<img height="1" width="1" style="display:none" src="https://www.facebook.com/tr?id=192888919167017&amp;ev=PageView&amp;noscript=1">
Wednesday, December 6, 2023
Dec. 6, 2023

Linkedin Pinterest

Swimming, salons and sewers: How Seattle is coping with record rain


Seattle — Never let it be said that the Seattle area can’t handle a little record-setting rain.

On Saturday morning, as the area recovered from the fourth-wettest 48 hours on record — 4.57 inches on Thursday and Friday, according to the National Weather Service — a line of people stood in the rain waiting to get into the Mountlake Terrace Recreation Pavilion. They wanted to get into the pool.

“The regulars were waiting at the door, in the rain,” one employee said. “And we had a constant flow all day. Better to swim inside than to float away outside. They come in wet, and they leave wet.”

That will never happen at the Swink Style Bar in downtown Seattle, where clients trudge in with wet hair and walk out, blown out.

The salon — which specializes in quick blasts of beauty, like hair styling, makeup and lash extensions — has a waiting list, not only because of the holiday season, but the rain that has accompanied it.

“It’s not normal,” said employee Vu Pham.

All five of the salon’s blow dryers had been going since 10 a.m., when customers started coming in, looking flat — and grateful to be coiffed.

“The only thing is getting them from the front door to their car or Uber,” Pham said over the din.

For that, staff members walk beside newly dry clients with a giant golf umbrella.

Saturday’s showers were a bit of a respite from Friday, which saw the most rain on Dec. 20 — 3.25 inches — since record-keeping began at Seattle-Tacoma International Airport in 1945. (The previous record of 1.93 inches was set in 1955.)

The heavy rains made for messy traffic Friday, scattered mudslides and at the King County Wastewater Treatment Division’s Medina Pump station, a sewer overflow that prompted officials to notify health and regulatory agencies and post signs at Medina Park Beach warning people to avoid contact with the water. King County will test water quality over the next several days.

The pump station was operating properly, and at full function, but the rain exceeded the station capacity, and an overflow occurred from 2:30 to 6:30 p.m. Friday.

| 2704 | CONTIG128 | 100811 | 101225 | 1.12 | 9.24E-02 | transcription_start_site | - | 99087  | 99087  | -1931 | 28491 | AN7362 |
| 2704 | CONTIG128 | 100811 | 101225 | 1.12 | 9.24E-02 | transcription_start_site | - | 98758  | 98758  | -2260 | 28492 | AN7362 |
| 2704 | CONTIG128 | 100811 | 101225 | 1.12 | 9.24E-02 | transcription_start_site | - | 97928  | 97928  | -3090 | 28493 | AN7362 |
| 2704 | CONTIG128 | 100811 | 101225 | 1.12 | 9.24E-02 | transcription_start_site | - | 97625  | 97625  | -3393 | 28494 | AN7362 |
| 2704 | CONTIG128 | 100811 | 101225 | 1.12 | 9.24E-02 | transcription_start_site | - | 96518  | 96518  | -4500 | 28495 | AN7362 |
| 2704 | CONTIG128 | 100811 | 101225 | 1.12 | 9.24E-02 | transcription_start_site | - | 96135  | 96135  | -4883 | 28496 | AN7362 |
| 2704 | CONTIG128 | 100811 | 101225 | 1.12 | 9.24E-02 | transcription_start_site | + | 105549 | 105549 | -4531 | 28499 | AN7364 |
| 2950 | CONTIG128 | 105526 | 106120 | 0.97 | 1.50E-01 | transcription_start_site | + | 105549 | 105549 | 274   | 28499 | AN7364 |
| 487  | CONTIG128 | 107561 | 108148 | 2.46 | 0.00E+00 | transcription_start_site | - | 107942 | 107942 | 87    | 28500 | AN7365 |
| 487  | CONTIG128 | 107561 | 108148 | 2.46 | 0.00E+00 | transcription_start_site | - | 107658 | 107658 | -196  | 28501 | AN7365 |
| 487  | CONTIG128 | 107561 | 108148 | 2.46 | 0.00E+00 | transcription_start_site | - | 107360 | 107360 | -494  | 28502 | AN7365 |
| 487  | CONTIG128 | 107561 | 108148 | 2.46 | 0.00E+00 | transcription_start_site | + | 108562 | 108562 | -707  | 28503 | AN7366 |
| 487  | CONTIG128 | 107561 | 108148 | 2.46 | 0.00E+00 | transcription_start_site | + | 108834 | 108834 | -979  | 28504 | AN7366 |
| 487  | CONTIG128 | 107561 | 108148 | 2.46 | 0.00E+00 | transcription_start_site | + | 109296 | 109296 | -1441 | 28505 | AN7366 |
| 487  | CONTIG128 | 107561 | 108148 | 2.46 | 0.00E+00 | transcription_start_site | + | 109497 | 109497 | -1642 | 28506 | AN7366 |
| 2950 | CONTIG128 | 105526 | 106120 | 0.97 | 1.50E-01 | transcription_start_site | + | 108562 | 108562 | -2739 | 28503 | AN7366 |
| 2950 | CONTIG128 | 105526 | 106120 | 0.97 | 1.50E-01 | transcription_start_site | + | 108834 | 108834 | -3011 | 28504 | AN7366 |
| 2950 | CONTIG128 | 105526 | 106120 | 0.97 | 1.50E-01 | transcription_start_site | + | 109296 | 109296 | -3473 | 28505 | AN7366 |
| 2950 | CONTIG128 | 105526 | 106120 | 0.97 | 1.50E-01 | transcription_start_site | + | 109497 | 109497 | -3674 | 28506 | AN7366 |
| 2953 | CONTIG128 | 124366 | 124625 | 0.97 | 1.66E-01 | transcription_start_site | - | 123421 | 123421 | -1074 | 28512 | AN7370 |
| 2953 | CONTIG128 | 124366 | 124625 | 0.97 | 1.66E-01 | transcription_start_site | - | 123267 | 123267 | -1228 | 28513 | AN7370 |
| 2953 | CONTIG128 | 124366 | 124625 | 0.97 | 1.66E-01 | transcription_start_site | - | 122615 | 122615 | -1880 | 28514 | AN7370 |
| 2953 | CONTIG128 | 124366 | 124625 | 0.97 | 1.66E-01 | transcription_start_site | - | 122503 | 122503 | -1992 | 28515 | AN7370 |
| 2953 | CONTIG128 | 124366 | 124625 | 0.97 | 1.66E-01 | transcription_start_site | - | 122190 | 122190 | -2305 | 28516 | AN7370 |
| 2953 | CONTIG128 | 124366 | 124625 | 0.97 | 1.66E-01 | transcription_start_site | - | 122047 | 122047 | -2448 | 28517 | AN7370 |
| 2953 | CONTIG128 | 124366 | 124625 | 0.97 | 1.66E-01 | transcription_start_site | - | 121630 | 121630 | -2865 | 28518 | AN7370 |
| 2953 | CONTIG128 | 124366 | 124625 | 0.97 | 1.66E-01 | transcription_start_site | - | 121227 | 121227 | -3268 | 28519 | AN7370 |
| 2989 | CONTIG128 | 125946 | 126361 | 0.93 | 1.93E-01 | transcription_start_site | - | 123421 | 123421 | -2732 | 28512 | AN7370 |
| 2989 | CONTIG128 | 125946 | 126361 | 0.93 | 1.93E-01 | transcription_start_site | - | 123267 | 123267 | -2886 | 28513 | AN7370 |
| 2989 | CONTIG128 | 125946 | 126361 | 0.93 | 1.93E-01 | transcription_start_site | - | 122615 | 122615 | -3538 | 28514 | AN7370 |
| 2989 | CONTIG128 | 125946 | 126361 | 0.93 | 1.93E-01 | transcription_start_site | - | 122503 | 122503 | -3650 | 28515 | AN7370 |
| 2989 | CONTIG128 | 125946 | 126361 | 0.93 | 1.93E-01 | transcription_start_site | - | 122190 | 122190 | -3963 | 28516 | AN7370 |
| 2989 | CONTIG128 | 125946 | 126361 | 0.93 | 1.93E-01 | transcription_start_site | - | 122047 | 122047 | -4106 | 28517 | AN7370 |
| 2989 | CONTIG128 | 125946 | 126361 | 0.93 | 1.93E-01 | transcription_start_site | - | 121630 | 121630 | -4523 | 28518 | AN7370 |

Bryce Kennedy, owner of Seattle Drain Service, knew the area was due for a deluge. He reads the Farmers’ Almanac religiously. It’s been a dry year, which meant the roots of people’s plants would slither into drainpipes seeking water, and stay there.

And when the rain started, well, everything would be clogged up, and the water would start to back up.

“It’s the Pineapple Express that rolled through, and annihilated the basements,” he said.

Kennedy usually gets 20 emails a week asking for service. In the last three days, he’s gotten 30. Flooded basements. Flooded yards. Standing water.

Kennedy, outfitted in rain gear and heavy boots (“you would not want me to wear them inside”) arrives armed with flexible pipe to install on downspouts to divert the rainwater. He offers to come back when the rain stops and figure out what went wrong.

“Half the people want it to be done, frantically,” Kennedy said. “And 50 percent let it fade away because this kind of rain won’t happen again.” He let out a chuckle.

“If more people were to do a diversion,” he said, “they’d save themselves a lot of property damage.”

Sunday is expected to mostly cloudy, with a high of 45 degrees. At night, the rain will return and temperatures will drop to 38 degrees. Rain is forecast Monday morning, with a high of 44. Tuesday will be sunny, according to National Weather Service meteorologist Johnny Burg.

Christmas? Mostly cloudy, he said. Slight chance of rain.

And the pool will be closed.

Support local journalism

Your tax-deductible donation to The Columbian’s Community Funded Journalism program will contribute to better local reporting on key issues, including homelessness, housing, transportation and the environment. Reporters will focus on narrative, investigative and data-driven storytelling.

Local journalism needs your help. It’s an essential part of a healthy community and a healthy democracy.

Community Funded Journalism logo